More efficient system expected to save money.

Microscopic organisms that process waste at the Pratt waste water treatment plant will soon improve their efficiency when the digester at the plant switches from anaerobic (non-oxygen) to an aerobic (oxygen) system.

The belt press or digester uses biological organisms (microscopic bugs that eat waste) to process the waste and clean it up like the digestive system in the body, said Pratt City Manager Dave Howard.

The more oxygen in the system the more efficiently the microscopic organisms can produce the sludge.

The city was having difficulty getting rid of the sludge created in the current system

The usual method of disposal was to haul the product to area fields where it was land applied. However, disposal was a major problem for the city, Howard said.

"A lot of time we can't get out to the fields because of the weather," Howard said. "It was very inefficient."

Once the sludge has been processed, the treatment plant analyzes it and the state has to approve it before it can be applied to the soil and that takes time time.

Once the aerobic system is in place it will improve digestive efficiency and eliminate the sludge.

Upgrading the facility had become a vital issue. The amount of sludge had pushed the plant to critical levels and they were close to violating their discharge permit.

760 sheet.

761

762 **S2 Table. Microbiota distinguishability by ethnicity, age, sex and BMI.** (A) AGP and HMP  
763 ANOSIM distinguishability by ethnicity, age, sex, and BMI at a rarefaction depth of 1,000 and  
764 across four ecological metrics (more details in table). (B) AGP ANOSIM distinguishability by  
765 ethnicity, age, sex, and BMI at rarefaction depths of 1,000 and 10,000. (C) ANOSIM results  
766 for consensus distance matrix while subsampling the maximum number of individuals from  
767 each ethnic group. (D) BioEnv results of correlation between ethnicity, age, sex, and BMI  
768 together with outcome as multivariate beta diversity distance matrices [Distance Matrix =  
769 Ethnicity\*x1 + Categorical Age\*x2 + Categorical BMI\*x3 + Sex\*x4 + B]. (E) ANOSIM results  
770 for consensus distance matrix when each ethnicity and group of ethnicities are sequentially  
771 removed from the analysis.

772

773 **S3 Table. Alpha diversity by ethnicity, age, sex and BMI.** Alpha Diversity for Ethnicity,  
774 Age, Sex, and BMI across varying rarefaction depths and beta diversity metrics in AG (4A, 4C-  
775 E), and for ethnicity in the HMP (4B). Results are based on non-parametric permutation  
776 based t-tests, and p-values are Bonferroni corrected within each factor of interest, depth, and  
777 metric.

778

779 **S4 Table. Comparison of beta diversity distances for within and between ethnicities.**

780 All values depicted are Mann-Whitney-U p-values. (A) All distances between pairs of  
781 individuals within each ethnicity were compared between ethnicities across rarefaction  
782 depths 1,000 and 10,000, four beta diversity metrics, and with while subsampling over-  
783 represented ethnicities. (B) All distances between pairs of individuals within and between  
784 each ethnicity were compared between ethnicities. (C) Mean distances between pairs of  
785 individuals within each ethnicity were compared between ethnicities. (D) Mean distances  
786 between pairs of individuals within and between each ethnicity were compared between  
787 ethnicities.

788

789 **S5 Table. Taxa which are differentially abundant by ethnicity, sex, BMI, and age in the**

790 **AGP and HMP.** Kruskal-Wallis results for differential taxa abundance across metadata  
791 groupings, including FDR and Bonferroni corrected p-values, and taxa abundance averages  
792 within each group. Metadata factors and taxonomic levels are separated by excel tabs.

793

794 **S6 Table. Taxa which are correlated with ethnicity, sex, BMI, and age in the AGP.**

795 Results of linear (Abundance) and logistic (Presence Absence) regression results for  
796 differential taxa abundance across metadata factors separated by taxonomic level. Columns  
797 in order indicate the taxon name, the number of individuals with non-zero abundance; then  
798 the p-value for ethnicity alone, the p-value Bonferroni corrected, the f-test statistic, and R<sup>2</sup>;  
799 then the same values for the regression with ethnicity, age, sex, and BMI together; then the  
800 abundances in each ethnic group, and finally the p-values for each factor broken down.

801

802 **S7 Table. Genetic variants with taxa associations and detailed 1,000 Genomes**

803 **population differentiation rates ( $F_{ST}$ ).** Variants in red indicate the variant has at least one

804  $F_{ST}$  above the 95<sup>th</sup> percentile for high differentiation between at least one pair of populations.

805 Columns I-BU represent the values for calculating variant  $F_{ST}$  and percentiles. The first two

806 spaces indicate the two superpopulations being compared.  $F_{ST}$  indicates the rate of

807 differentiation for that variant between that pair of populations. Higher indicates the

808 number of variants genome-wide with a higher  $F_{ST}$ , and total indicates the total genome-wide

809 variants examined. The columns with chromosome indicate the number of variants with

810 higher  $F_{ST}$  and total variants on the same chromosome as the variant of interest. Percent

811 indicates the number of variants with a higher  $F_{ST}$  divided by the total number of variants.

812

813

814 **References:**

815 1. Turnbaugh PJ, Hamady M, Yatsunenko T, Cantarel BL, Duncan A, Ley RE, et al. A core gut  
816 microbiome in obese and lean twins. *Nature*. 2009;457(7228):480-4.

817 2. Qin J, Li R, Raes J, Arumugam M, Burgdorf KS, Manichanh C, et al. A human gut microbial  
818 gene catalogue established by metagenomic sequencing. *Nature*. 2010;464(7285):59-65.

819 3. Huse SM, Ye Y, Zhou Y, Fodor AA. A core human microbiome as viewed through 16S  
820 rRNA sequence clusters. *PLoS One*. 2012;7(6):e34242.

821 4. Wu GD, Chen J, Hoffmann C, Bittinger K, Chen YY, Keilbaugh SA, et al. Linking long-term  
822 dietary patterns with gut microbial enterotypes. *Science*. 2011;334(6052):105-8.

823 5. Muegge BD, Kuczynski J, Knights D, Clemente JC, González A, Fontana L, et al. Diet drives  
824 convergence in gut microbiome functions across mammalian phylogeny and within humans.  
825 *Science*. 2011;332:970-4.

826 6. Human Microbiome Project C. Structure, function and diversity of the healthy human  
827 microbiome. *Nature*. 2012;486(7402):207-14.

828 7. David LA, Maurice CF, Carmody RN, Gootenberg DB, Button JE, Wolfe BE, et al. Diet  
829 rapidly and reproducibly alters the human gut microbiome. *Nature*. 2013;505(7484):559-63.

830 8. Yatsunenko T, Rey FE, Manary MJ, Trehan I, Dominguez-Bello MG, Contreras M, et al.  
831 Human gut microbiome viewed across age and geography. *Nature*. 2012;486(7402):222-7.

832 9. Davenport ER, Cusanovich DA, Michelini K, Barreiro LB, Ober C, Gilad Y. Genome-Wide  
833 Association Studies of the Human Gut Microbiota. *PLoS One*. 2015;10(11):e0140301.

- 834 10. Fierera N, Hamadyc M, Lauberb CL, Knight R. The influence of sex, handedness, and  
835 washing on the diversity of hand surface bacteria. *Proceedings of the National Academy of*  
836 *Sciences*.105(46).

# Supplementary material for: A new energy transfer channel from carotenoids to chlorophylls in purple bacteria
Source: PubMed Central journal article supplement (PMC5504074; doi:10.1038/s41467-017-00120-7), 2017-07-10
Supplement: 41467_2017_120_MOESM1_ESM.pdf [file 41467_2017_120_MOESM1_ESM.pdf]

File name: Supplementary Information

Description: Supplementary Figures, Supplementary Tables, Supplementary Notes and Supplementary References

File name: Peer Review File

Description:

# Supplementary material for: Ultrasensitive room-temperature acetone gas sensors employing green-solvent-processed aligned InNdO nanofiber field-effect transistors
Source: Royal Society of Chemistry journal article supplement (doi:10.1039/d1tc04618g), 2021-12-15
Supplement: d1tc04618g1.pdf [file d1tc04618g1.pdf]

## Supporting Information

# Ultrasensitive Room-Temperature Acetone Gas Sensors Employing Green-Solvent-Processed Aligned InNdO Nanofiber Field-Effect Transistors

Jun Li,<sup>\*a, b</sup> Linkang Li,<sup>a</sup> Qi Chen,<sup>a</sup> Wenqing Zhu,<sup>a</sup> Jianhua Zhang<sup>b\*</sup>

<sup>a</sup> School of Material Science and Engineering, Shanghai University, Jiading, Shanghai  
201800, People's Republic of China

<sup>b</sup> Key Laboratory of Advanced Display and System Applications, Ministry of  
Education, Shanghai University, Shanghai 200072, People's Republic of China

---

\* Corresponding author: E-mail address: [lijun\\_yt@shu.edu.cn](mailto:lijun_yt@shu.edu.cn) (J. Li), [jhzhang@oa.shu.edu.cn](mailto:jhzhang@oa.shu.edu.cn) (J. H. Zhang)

"We don't want to do that," Howard said.

During the wastewater treatment plant evaluation, it was determined that not only was an oxygen system needed but other changes needed to be made as well.

One of the changes was new covers for the equalization basins to prevent algae growth. Algae uses oxygen necessary to treat wastewater. By keeping the amount of algae down it improves system efficiency by helping keep the biological process alive.

Other improvements include a new maintenance building to replace to old building that will be used to house the new belt press that will increase oxygen in the system.

The system will also require an induced oxygen system pump to put pure oxygen into the waste system for more effective waste treatment.

The upgrades will provide a more efficient system that will help the city meet the wastewater treatment needs for years to come. It should also make the facility more economically efficient.

"We anticipate a substantial energy cost savings in plant operations," Howard said.

No specific date for project bids is set but they bids should go out in the near future. If those bids come back and are financially feasible, the project will probably start in spring 2013.

The city has been budgeting for some kind of improvement at the wastewater plant for six years. Because of the budgeting, the city should be able to do the project without a rate increase.